The main course of beef rib eye, chargrilled and served with ox cheek, horseradish and olive oil béarnaise was a fabulous dish for meat lovers. Here were two contrasting cuts and cooking techniques – both were equally complex tasting and melted in the mouth. Again, you are impressed by the skill of the chef who allows all the key components, as well as the wine, to sing out in equal measure. It is cooking of the highest order. The Domaine Richeaume Cuvée Traditionelle 2007 (Côtes de Provence), a Cabernet-Syrah blend, was excellent alongside it, with gently spicy fruit, supple balance and enough tannic grip to cope with the meat. The wine's Mediterranean ripeness picked up the olive oil in the sauce, but there was still enough earthiness to balance the heat of the horseradish.

After a palate-cleansing sorbet, spectacularly served over bowls of dry ice, our dinner reached its conclusion with mango and pineapple soup with lemongrass, basil and olive oil. We also detected a strong presence of lime (Opal Fruits-strength) which, unfortunately, did unbalance the flavours of the dish. The final thoughtfully selected wine was Clos Lapeyre La Magendia 2005 (Jurançon) with complex mineral fruit, fresh acidity and just enough sweetness to match, rather than smother the mango and pineapple.

Even the petits fours were impressive and memorable and, in case you needed a pick-me-up at the end of the meal, included a fun sinus-clearing little meringue flavoured with Fisherman's Friend.

We left Texture completely bowled over and fantasising about our next visit (funds permitting).

34 Portman Street
London W1H 7BY
Tel 020 7224 0028

Wednesday, 18 November 2009

Polpo and a glimpse (and taste) of real Venice

Venice isn't particularly renowned for its food and it certainly isn't what draws people to the city (although everyone should visit the Rialto market – see pictures). Visitors might have enjoyable memories of the local fizz, Prosecco and, of course, Bellinis but they probably have less favourable experiences in many of the city's overpriced and unremarkable restaurants. BUT (and this is a very big but) scratch the surface of Venice and you will come across café/winebars called bacari. Traditionally, Venetians visit them for a quick glass of wine or a coffee and to snack on a few cicheti (a sort of Italian tapas), often leaving after several minutes to go on to the next bacari. They are a godsend to visitors as, not only do they offer a rare glimpse of authentic Venice but, unlike so much here, you don't leave feeling completely fleeced.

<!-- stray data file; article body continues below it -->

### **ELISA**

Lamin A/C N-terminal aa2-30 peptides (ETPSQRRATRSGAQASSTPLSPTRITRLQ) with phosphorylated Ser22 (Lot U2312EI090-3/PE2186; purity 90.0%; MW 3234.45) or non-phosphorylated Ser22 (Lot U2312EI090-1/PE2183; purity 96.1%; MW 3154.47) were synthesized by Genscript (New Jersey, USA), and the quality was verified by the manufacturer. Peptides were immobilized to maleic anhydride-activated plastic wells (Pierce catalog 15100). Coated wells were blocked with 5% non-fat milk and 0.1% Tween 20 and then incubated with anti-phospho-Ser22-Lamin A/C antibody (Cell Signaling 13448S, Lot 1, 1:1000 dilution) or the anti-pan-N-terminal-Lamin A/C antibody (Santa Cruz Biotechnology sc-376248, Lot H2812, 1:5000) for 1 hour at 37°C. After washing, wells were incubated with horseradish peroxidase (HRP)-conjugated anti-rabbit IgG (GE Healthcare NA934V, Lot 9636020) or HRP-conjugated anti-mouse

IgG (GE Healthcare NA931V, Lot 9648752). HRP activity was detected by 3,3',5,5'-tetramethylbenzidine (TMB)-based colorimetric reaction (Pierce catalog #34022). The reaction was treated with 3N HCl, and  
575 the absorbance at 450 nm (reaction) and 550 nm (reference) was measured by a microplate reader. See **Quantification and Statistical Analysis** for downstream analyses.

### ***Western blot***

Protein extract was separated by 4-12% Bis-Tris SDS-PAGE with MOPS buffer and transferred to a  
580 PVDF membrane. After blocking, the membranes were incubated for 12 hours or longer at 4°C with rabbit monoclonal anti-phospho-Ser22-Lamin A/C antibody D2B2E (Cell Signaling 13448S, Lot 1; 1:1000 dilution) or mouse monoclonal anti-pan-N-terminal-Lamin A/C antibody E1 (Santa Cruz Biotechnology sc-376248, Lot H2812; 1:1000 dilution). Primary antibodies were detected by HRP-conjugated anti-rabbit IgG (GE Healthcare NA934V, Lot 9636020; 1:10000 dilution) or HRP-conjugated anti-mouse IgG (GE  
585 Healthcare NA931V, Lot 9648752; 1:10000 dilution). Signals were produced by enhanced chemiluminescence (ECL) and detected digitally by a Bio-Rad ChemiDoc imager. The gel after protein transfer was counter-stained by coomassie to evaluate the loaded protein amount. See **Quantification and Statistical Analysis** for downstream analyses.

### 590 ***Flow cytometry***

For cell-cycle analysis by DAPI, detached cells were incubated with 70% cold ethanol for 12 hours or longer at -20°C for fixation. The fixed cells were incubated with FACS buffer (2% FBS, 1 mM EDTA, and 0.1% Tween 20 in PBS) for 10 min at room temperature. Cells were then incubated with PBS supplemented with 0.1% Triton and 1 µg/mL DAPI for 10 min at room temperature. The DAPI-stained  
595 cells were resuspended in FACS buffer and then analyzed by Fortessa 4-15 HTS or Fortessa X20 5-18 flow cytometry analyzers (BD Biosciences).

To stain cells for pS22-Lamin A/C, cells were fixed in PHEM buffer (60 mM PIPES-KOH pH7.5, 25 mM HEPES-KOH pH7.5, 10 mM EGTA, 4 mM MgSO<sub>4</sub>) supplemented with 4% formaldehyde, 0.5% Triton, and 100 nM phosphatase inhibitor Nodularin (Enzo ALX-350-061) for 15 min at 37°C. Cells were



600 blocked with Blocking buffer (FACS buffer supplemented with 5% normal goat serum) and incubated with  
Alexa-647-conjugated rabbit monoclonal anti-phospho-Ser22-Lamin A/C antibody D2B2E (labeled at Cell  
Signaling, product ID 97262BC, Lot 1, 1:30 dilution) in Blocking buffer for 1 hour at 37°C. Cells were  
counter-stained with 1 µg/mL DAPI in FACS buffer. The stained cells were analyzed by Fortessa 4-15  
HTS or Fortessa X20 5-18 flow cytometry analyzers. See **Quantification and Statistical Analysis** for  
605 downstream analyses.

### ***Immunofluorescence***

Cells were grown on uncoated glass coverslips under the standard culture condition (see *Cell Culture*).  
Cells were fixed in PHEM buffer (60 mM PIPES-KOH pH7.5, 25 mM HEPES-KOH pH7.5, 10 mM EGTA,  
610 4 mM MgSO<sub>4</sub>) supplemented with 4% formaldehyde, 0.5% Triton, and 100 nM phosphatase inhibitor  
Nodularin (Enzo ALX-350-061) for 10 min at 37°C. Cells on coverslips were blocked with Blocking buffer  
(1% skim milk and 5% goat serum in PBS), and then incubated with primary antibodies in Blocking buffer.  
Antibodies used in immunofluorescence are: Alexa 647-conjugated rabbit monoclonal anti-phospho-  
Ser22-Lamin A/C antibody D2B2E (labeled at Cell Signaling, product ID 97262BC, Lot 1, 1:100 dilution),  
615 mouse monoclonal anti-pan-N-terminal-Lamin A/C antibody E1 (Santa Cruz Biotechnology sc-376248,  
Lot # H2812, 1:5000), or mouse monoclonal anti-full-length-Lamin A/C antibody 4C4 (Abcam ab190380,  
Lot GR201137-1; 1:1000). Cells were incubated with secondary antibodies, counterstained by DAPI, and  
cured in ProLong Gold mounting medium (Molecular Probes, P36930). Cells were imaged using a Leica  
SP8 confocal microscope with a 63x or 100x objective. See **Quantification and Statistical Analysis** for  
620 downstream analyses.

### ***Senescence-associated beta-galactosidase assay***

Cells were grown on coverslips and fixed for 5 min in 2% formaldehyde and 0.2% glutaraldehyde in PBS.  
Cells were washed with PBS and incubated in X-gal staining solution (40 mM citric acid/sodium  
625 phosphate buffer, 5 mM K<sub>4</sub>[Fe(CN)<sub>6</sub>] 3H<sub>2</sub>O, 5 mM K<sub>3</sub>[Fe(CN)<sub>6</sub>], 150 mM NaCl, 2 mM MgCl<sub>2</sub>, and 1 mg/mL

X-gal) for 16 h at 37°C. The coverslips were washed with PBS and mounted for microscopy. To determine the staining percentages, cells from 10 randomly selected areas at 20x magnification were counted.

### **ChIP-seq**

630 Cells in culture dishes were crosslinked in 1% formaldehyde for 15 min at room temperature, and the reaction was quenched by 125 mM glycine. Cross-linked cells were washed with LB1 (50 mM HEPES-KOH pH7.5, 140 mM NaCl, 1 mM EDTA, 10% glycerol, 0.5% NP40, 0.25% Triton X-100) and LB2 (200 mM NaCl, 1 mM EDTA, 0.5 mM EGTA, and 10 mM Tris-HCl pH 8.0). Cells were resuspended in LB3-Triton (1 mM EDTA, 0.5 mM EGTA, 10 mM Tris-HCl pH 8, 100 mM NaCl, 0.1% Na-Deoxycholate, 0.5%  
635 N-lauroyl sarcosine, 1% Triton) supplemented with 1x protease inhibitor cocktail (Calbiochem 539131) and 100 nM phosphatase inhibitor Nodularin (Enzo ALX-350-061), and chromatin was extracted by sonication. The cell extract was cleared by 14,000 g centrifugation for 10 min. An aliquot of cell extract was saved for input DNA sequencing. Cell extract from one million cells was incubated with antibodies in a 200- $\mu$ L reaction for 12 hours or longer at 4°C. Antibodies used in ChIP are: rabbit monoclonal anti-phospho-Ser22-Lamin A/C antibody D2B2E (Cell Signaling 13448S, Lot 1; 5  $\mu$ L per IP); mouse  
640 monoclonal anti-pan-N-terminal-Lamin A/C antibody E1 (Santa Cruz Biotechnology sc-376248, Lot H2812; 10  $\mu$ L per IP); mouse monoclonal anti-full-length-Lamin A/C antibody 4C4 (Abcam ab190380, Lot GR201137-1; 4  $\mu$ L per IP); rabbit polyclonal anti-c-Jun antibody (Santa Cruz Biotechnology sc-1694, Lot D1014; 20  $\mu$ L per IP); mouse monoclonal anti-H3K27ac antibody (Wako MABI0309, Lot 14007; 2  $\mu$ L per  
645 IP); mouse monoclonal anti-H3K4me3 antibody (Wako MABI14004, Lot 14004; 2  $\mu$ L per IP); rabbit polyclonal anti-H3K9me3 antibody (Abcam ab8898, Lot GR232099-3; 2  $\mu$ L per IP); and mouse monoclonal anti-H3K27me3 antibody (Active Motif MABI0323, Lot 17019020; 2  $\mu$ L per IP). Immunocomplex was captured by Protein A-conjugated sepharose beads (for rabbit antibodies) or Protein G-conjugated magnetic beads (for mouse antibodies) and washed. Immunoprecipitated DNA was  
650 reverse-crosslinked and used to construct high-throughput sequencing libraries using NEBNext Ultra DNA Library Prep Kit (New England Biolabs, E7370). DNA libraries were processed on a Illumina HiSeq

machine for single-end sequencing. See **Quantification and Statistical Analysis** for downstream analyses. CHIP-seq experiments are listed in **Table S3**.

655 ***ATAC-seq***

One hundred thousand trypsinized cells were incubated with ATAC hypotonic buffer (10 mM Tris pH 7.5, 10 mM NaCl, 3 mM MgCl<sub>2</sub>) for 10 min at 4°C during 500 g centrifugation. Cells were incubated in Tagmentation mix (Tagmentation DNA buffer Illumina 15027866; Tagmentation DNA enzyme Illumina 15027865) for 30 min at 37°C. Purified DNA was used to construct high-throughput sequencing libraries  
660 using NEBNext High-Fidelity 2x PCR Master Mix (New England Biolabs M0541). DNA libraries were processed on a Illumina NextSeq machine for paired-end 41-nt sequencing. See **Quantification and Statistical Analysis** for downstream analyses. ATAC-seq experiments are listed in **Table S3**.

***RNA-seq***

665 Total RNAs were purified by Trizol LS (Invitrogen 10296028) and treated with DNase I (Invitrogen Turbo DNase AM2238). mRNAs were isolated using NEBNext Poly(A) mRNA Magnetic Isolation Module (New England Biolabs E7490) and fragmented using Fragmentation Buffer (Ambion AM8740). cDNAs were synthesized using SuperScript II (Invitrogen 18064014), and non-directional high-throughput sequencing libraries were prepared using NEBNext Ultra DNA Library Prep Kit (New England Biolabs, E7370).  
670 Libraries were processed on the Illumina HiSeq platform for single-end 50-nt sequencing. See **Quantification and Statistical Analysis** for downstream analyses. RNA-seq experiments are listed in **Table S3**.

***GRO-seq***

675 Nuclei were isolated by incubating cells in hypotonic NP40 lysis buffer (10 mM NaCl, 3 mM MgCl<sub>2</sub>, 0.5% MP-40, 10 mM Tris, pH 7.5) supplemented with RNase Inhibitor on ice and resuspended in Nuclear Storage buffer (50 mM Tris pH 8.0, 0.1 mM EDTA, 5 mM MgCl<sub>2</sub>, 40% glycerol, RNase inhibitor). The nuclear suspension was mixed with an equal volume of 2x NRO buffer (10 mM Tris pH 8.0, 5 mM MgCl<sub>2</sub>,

Bacari have been the inspiration for the recently opened Polpo in London's Soho. The premises have been home to many restaurants over the years and I had a sense of déjà vu when I recently met up with a friend to try it out. She was slightly delayed and I was very comfortable sitting, waiting for her with a newspaper, bread and olive oil and some refreshing Trebbiano-Garganega from their selection of mainly northern Italian wines. About half the wines are also available in quarter-litre and half-litre carafes to allow for some experimentation.

Once my friend arrived we homed in on the tasty selection of crostini and cicheti before sharing a couple of main courses and some vegetable dishes. These were all very tasty, but the melt-in-the-mouth octopus salad really stood out (as it should, given the name of the place). Even with a couple of puddings and more wine, our bill came to about £30 per head. There were a couple of problems: the noise level is high, particularly as they have unnecessary background music. There was also too much thickly sliced toasted ciabatta bread. They helpfully found me something more delicate to accompany my pear and gorgonzola, as my gums had started to get quite sore by the end of the meal. Gripes aside, Polpo is well worth a visit for a great value, buzzy evening in the heart of London. Perfect pre- or post-theatre as long as you don't have to wait too long as bookings aren't taken.

Back to Venice – good examples of the real thing can be found in little backstreets behind the Rialto market in the San Polo district and near the Ca' d'Oro (Cannaregio). Al Bottegon (Dorsoduro), with its pretty location overlooking the San Trovaso canal, stands out in my mind as it doubles as a wine shop. Happy memories.

41 Beak Street
London W1F 9SB